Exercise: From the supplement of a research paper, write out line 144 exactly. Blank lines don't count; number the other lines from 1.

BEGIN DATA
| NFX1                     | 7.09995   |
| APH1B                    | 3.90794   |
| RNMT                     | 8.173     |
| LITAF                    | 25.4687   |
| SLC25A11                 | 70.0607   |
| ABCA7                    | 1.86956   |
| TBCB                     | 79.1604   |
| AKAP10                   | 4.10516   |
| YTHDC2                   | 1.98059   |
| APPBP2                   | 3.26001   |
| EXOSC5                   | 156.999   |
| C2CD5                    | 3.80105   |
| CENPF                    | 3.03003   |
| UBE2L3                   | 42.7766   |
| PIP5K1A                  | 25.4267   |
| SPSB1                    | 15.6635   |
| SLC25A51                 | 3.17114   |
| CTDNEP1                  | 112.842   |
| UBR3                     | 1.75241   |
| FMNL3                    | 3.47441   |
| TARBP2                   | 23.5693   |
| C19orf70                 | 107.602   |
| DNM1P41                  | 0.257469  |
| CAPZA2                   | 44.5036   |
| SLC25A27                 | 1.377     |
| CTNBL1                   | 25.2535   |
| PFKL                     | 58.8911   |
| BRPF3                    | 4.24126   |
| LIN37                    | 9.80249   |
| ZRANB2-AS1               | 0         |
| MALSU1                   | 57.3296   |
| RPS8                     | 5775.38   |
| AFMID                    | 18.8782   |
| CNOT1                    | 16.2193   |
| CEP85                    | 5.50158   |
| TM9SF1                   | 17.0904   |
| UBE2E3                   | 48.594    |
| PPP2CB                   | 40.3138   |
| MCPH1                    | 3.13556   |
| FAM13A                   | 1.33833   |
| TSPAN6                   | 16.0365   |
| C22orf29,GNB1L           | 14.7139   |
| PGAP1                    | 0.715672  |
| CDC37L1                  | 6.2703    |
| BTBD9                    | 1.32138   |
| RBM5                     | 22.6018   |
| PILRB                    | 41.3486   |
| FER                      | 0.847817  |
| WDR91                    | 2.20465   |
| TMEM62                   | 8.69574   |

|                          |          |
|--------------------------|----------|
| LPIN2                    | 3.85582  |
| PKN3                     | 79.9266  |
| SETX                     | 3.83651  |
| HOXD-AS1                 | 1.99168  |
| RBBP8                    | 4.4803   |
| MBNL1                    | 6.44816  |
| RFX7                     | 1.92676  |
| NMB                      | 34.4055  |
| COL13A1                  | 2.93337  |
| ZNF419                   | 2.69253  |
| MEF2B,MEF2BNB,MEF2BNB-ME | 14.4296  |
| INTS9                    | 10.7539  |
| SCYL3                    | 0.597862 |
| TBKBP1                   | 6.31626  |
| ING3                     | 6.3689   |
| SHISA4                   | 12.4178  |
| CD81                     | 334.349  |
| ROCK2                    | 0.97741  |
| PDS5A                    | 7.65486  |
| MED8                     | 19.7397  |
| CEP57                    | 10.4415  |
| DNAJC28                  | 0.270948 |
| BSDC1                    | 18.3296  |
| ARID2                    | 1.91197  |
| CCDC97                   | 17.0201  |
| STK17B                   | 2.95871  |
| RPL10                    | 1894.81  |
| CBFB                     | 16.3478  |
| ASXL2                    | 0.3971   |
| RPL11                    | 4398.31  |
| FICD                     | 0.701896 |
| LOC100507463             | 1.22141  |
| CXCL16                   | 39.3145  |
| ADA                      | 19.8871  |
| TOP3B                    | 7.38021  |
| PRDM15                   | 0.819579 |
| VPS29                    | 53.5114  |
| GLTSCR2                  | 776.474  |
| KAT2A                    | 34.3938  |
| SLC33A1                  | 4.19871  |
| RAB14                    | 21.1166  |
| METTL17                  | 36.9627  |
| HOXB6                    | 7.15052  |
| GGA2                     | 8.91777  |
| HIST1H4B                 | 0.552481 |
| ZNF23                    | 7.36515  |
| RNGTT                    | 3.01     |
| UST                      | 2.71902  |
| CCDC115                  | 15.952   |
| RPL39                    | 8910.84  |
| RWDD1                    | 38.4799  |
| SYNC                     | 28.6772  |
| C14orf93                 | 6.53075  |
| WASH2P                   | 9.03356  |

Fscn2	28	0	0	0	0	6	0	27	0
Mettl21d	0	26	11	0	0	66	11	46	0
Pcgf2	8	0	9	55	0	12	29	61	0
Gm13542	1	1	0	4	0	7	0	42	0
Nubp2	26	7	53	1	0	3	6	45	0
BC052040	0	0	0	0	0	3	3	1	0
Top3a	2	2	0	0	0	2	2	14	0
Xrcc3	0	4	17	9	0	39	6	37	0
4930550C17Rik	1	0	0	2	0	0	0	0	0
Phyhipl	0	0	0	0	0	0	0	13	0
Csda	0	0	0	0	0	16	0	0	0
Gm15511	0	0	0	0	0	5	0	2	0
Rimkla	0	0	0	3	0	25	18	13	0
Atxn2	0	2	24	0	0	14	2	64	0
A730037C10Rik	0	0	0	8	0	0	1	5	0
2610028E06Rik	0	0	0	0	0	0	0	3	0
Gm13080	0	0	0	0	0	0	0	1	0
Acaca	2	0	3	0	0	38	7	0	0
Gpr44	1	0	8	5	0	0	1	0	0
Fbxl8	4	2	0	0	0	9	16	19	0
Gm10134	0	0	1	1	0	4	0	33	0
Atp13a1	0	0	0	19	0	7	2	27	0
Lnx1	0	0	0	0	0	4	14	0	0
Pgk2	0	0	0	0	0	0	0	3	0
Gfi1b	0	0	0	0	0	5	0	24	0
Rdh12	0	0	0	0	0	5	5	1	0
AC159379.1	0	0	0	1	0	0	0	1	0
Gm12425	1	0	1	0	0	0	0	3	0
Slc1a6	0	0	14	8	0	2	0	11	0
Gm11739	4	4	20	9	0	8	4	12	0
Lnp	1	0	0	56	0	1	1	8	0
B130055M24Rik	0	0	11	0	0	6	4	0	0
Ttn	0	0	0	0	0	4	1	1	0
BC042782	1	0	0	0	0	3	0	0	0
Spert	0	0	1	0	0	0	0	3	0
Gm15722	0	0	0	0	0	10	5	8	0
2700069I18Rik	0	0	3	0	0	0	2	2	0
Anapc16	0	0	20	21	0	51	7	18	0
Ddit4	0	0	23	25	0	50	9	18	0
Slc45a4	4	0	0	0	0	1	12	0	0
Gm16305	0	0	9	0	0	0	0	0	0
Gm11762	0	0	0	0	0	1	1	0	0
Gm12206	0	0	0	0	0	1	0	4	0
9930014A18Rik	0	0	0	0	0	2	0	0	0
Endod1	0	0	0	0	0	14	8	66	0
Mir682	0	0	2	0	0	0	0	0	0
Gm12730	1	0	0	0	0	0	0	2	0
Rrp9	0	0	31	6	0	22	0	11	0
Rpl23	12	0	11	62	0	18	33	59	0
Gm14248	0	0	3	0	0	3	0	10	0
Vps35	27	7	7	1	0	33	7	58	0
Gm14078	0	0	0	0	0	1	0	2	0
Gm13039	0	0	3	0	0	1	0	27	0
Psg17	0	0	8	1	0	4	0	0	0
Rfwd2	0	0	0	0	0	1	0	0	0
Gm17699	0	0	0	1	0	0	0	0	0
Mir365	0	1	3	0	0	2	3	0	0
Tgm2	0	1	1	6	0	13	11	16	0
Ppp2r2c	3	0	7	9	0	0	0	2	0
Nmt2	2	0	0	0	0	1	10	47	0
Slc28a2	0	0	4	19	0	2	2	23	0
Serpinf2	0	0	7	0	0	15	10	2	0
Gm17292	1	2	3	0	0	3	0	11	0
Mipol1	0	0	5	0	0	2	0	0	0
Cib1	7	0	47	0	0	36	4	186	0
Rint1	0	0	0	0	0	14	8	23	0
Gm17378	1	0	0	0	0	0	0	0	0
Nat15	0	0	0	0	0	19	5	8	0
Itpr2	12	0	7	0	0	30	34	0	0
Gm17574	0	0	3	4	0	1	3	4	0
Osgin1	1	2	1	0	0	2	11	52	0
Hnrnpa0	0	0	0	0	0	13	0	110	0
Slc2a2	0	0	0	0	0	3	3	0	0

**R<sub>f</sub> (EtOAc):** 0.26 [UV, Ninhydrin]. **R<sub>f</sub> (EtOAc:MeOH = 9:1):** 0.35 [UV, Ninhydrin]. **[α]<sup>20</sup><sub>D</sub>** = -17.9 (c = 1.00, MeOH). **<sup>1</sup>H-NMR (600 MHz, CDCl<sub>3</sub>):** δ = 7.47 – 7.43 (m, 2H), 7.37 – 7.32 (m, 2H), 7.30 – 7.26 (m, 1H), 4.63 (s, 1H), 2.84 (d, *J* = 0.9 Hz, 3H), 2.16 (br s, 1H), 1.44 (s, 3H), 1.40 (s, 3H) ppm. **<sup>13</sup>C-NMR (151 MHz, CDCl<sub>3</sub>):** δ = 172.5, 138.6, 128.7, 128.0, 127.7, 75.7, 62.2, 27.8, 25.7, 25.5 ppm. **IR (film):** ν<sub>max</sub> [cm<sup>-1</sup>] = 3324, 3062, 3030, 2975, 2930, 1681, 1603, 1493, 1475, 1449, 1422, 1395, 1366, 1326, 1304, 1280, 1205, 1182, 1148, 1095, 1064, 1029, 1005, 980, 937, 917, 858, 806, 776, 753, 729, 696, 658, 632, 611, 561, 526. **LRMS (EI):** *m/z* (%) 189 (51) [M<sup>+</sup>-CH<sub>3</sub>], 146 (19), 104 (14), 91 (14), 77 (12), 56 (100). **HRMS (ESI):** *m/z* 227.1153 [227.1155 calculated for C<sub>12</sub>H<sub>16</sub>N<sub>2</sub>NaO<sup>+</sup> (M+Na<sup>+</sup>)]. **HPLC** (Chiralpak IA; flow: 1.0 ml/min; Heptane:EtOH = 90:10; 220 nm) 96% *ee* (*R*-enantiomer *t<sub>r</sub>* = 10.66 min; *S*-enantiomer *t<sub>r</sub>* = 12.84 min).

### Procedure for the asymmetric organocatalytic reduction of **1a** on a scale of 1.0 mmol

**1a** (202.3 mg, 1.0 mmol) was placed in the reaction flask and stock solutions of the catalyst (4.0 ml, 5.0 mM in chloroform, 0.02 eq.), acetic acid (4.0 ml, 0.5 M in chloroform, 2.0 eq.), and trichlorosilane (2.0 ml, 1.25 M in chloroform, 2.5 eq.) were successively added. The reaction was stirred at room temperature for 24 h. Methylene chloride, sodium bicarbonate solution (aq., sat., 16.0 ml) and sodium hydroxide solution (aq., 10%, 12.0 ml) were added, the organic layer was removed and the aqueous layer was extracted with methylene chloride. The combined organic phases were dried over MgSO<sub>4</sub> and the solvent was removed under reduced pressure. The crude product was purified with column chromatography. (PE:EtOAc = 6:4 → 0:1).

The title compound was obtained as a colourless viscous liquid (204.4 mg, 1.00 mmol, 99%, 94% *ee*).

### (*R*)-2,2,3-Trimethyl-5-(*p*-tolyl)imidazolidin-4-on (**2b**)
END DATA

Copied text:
Anapc16	0	0	20	21	0	51	7	18	0